Reflective conferencing in teacher supervision: Perceptions of teachers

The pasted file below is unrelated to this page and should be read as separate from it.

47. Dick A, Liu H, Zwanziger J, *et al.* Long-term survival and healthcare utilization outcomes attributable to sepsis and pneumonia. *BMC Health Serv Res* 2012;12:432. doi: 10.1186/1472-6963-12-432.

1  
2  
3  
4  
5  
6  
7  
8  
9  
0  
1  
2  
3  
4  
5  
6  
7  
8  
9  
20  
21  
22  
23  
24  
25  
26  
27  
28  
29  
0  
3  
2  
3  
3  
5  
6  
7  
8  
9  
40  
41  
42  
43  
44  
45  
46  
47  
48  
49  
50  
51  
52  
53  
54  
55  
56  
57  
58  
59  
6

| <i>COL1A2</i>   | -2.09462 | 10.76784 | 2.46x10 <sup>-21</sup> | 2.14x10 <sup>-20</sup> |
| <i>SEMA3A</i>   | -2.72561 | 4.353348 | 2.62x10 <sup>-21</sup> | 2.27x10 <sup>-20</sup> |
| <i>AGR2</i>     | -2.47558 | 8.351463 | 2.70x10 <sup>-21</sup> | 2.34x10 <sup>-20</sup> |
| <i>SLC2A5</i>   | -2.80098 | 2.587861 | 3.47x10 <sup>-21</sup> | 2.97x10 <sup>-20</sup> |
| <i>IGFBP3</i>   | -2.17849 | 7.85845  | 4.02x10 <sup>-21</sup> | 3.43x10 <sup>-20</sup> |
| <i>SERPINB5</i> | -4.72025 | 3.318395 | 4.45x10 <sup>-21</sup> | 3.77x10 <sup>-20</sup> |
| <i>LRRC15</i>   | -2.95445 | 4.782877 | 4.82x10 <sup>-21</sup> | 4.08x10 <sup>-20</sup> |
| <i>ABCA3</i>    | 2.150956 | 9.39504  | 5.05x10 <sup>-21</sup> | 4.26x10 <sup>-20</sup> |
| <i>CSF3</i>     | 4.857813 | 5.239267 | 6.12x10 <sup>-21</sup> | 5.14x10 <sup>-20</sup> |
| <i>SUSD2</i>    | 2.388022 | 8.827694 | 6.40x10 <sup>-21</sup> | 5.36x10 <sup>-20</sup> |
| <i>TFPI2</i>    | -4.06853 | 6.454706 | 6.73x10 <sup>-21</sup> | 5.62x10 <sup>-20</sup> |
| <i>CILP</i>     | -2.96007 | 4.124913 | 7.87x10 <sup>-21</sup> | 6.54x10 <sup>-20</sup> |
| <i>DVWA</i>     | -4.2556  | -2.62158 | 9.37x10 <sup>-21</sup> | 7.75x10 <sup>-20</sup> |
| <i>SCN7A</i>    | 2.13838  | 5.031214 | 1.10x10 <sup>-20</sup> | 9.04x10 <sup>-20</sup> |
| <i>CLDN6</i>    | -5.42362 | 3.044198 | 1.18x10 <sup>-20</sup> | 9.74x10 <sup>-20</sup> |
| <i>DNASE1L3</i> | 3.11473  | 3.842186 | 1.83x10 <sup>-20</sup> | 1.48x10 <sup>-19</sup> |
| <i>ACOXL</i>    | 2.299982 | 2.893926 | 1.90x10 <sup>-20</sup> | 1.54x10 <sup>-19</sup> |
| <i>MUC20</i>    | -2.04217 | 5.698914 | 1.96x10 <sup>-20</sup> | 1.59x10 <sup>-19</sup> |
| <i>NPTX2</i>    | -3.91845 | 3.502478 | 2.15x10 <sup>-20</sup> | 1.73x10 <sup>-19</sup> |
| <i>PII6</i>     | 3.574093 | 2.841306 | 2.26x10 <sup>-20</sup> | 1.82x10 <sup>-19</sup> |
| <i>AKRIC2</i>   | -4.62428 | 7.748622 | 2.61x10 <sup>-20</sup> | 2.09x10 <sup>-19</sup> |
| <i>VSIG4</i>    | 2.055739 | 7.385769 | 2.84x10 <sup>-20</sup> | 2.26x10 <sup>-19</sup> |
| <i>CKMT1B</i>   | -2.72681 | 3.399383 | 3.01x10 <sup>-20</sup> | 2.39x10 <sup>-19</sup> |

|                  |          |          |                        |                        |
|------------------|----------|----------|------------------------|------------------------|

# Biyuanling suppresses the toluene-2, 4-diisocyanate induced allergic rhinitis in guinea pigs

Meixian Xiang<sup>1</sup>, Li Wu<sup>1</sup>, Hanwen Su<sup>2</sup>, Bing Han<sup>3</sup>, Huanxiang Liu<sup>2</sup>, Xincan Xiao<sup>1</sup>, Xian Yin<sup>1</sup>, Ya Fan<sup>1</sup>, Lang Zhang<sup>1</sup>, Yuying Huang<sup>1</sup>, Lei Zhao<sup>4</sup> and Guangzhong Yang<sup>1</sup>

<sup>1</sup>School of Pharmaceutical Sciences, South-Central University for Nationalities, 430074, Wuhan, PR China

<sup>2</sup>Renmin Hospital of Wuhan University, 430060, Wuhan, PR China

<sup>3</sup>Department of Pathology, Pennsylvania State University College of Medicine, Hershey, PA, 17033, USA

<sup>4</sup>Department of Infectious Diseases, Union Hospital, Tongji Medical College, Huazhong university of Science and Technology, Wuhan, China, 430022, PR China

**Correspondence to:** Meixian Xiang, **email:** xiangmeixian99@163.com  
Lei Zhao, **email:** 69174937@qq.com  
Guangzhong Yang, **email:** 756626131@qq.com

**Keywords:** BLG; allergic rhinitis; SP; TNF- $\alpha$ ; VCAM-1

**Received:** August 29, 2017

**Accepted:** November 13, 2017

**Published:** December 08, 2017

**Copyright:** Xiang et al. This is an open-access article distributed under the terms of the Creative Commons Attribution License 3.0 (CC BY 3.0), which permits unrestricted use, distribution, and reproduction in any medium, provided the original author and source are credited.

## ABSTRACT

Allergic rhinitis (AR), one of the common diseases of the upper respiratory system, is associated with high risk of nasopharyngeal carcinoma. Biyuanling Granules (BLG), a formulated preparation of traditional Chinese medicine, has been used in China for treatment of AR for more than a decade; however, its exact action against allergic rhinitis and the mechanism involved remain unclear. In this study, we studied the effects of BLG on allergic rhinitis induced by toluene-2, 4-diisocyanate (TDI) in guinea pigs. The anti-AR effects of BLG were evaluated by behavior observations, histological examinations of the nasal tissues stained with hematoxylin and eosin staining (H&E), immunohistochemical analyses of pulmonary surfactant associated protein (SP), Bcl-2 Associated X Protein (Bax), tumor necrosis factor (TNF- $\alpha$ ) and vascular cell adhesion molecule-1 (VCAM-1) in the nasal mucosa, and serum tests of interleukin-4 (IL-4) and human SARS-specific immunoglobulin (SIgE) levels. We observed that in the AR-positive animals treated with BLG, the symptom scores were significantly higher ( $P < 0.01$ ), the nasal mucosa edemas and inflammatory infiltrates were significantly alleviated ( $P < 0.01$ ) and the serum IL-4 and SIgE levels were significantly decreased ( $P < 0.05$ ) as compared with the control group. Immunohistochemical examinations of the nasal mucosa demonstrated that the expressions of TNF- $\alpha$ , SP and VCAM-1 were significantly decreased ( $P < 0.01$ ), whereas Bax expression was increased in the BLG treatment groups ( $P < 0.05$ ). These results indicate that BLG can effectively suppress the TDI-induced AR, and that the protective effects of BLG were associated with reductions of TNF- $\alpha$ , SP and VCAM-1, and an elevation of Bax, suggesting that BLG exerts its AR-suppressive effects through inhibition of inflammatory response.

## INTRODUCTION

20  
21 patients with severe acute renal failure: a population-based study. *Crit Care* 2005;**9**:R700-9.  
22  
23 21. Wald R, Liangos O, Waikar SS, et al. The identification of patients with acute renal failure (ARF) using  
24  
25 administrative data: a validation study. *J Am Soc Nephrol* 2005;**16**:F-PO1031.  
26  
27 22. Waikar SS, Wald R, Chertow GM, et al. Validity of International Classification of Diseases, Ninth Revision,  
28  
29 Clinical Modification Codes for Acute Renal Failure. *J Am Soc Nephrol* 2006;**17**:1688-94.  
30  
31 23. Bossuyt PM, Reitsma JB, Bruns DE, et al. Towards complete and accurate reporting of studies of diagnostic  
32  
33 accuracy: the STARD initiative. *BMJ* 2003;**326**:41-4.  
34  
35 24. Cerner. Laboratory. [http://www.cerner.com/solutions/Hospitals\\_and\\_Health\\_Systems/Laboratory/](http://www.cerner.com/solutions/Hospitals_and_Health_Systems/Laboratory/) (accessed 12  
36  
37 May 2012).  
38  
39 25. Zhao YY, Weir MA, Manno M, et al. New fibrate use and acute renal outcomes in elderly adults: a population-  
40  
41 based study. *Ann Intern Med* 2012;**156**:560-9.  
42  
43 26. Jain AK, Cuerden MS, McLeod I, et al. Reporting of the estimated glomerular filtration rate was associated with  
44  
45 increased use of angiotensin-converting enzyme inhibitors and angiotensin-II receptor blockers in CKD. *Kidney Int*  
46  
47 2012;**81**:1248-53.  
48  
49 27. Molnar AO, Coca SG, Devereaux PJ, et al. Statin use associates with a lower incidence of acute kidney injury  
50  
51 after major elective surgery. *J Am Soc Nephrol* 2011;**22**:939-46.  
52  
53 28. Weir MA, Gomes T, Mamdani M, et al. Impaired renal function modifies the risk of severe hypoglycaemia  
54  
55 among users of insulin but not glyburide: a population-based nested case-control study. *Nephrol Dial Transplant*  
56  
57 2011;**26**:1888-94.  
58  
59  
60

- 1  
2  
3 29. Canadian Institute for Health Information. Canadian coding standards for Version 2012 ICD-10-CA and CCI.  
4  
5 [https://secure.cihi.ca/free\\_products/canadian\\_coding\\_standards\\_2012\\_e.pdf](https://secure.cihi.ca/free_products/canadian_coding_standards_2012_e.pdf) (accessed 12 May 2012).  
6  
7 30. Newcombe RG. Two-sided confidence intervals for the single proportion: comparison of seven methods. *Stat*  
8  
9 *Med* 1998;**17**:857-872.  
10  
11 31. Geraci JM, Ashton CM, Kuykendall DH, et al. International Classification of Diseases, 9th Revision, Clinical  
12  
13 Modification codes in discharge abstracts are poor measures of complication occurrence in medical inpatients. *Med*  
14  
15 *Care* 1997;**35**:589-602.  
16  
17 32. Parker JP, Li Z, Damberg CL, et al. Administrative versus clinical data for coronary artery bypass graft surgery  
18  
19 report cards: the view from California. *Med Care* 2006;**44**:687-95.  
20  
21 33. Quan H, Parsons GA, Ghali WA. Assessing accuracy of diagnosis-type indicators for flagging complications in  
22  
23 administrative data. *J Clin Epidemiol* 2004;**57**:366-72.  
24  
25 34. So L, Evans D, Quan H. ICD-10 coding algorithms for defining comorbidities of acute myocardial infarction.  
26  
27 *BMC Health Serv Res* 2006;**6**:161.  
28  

Reflective conferencing is an instructional leadership tool used by principals to facilitate teachers' professional growth by leading them to reflect on the effectiveness of a lesson. This mixed methods study examined how instructional leadership characteristics of principals and reflective conferencing impacted the professional growth of teachers of different grade levels and experience phases. A questionnaire was administered to teachers (N = 289) and semi-structured interviews of a subset of the respondents were conducted with 16 teachers and 3 administrators in one school district. Middle school teachers reported more classroom observations and more positive perceptions of their principals' instructional leadership characteristics than elementary and high school teachers. Elementary and middle school teachers reported more professional growth resulting from reflective conferencing than high school teachers. Teachers in Huberman's (1995) Stabilization combined with Experimentation and Diversification phases with 4-18 years of experience and Serenity phase with 19 or more years of experience benefited from reflective conferencing activities. Survival and Discovery teachers with 0-3 years of experience also benefited from reflective conferencing but were less practiced at self-analysis. Participants reported a positive impact on student achievement. However, the teachers would prefer more frequent reflective conferencing opportunities and more peer involvement in the process. Recommendations for future research include studies that focus on principals' perceptions as opposed to teachers' perceptions of the impact of reflective conferencing, discourse patterns in reflective conferences, the impact of reflective conferencing on student achievement, the impact and importance of trust in the reflective conferencing process and a comparison of the impact of reflective conferencing between teachers and principals and teachers and peers.